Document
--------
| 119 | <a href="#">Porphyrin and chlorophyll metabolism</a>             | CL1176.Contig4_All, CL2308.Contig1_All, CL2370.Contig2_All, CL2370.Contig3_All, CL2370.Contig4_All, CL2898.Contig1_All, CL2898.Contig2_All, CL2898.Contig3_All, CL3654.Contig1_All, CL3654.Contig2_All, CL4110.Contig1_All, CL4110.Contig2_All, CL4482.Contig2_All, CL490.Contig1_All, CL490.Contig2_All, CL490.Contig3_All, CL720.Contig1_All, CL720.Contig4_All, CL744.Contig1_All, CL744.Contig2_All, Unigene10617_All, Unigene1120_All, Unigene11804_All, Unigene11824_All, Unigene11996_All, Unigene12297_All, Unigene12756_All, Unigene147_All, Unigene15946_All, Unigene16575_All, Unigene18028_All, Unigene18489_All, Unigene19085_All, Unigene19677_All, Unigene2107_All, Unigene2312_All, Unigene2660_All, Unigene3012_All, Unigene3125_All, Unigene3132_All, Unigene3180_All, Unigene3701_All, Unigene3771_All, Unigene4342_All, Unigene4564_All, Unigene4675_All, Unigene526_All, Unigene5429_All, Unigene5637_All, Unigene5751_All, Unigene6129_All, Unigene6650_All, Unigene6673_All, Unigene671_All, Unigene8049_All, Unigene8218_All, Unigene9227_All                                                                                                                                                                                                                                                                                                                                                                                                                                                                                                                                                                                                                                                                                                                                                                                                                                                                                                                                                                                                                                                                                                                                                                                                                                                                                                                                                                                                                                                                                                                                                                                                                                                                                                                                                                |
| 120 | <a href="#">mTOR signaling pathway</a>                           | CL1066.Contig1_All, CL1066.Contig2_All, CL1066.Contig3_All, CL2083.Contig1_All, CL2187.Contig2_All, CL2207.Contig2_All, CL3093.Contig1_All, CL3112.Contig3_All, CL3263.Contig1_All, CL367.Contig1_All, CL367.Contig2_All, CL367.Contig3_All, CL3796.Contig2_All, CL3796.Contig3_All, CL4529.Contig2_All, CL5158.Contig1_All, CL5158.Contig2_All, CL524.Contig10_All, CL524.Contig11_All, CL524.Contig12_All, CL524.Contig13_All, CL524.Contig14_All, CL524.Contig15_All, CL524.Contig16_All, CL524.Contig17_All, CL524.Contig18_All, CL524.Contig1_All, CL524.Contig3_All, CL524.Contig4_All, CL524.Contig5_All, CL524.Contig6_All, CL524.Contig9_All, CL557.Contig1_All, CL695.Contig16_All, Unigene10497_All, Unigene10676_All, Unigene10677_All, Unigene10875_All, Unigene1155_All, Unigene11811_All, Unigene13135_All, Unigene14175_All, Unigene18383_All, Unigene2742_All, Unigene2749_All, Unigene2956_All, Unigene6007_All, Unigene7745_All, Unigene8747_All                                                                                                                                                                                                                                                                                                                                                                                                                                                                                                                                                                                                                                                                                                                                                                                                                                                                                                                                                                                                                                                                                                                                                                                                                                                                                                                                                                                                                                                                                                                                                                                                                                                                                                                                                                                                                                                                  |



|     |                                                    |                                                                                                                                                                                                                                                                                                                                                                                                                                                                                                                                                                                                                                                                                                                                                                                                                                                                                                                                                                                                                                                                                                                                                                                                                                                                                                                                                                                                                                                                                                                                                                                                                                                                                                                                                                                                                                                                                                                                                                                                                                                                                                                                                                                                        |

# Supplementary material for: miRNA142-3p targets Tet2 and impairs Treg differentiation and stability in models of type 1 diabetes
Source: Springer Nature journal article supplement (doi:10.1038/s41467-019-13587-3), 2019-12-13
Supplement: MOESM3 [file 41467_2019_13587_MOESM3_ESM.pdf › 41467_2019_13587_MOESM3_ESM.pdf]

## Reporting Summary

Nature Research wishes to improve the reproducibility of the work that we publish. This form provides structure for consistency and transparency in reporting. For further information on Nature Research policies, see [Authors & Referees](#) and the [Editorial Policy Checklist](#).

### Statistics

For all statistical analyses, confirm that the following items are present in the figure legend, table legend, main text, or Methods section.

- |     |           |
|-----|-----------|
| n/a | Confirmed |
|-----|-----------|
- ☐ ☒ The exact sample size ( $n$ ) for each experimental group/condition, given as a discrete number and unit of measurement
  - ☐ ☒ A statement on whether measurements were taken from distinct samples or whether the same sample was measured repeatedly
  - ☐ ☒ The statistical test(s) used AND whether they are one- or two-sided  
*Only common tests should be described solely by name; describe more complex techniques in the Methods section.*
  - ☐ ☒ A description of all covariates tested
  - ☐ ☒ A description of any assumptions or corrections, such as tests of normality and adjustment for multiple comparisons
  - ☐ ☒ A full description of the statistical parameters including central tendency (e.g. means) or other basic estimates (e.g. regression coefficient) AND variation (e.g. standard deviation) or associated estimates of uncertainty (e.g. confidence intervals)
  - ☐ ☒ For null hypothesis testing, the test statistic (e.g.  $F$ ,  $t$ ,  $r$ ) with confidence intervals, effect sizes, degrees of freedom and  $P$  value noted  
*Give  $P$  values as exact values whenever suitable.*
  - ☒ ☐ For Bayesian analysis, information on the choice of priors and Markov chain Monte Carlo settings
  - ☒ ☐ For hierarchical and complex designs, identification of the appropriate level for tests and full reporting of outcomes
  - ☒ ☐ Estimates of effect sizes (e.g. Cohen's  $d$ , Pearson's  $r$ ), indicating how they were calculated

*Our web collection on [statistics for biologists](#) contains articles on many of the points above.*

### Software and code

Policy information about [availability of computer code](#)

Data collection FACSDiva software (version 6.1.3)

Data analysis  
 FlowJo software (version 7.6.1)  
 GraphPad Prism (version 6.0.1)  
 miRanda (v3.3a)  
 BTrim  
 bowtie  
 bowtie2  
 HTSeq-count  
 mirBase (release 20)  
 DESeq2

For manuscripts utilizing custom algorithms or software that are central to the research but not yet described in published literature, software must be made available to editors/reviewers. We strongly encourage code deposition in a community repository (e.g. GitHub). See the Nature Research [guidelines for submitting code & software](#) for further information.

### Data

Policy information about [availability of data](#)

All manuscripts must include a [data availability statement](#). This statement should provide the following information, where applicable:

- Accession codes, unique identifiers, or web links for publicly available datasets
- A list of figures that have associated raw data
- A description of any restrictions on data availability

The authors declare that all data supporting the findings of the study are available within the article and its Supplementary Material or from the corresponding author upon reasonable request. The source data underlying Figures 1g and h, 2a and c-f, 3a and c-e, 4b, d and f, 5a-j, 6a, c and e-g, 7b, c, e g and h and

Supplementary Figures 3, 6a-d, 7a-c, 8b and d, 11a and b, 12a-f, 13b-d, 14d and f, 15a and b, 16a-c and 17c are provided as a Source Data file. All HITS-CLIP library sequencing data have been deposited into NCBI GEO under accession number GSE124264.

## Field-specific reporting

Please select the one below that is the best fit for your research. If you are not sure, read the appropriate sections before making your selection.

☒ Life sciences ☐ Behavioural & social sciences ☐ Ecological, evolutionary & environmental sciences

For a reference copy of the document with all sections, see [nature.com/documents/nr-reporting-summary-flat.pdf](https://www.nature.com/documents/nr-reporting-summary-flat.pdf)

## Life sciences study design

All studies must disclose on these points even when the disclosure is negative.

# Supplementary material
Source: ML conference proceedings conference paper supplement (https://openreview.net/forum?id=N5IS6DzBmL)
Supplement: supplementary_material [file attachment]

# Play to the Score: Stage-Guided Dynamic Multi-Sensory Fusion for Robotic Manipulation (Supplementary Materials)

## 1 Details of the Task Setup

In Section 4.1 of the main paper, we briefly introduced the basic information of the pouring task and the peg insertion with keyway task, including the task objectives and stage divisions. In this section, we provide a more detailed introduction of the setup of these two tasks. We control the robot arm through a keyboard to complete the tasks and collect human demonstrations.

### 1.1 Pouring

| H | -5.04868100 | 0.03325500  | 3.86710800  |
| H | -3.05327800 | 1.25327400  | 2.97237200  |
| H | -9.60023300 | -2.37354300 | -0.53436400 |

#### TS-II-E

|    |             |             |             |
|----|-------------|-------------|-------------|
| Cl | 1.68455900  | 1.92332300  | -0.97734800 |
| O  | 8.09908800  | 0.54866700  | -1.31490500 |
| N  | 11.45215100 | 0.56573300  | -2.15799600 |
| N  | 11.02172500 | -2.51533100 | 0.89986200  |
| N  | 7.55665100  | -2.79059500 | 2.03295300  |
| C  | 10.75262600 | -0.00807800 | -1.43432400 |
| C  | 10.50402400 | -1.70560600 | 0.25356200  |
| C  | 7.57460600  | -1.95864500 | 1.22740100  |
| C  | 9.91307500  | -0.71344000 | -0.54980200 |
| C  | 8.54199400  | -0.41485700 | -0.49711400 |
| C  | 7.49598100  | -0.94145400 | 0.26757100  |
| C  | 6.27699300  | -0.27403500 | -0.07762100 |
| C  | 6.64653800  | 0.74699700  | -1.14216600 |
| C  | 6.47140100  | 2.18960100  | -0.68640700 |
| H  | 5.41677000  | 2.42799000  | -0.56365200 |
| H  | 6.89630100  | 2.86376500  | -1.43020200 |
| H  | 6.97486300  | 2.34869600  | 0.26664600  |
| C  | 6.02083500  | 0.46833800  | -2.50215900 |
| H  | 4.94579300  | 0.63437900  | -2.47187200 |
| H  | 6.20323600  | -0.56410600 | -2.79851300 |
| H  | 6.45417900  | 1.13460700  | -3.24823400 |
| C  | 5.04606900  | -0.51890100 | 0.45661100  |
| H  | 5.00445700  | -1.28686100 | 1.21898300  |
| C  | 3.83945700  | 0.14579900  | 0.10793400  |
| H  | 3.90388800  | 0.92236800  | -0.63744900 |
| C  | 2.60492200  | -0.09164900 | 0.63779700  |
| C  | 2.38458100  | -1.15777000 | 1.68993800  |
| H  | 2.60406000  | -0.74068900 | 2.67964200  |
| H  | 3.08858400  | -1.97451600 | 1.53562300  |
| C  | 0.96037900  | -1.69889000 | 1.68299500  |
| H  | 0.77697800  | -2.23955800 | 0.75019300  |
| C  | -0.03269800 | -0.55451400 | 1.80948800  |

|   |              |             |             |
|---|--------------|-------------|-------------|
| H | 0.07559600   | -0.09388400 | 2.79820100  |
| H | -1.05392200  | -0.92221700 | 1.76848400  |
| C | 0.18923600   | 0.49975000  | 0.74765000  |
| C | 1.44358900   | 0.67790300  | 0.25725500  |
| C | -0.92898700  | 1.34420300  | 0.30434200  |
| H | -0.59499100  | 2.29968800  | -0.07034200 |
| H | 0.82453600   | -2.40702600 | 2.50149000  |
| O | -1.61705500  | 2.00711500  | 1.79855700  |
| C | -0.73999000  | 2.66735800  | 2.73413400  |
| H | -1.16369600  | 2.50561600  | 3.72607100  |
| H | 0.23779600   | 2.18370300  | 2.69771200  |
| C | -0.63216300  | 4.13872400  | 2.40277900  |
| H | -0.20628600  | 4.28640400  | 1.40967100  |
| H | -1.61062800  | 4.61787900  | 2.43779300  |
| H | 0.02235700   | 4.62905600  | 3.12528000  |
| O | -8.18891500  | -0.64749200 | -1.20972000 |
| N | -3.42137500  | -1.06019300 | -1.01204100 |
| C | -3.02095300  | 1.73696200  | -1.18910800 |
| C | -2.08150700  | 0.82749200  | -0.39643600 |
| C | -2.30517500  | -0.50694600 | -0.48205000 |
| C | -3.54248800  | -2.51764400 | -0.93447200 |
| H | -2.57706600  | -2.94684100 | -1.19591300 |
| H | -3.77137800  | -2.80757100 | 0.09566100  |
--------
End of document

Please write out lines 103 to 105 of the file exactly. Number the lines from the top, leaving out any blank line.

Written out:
| H | 0.07559600   | -0.09388400 | 2.79820100  |
| H | -1.05392200  | -0.92221700 | 1.76848400  |
| C | 0.18923600   | 0.49975000  | 0.74765000  |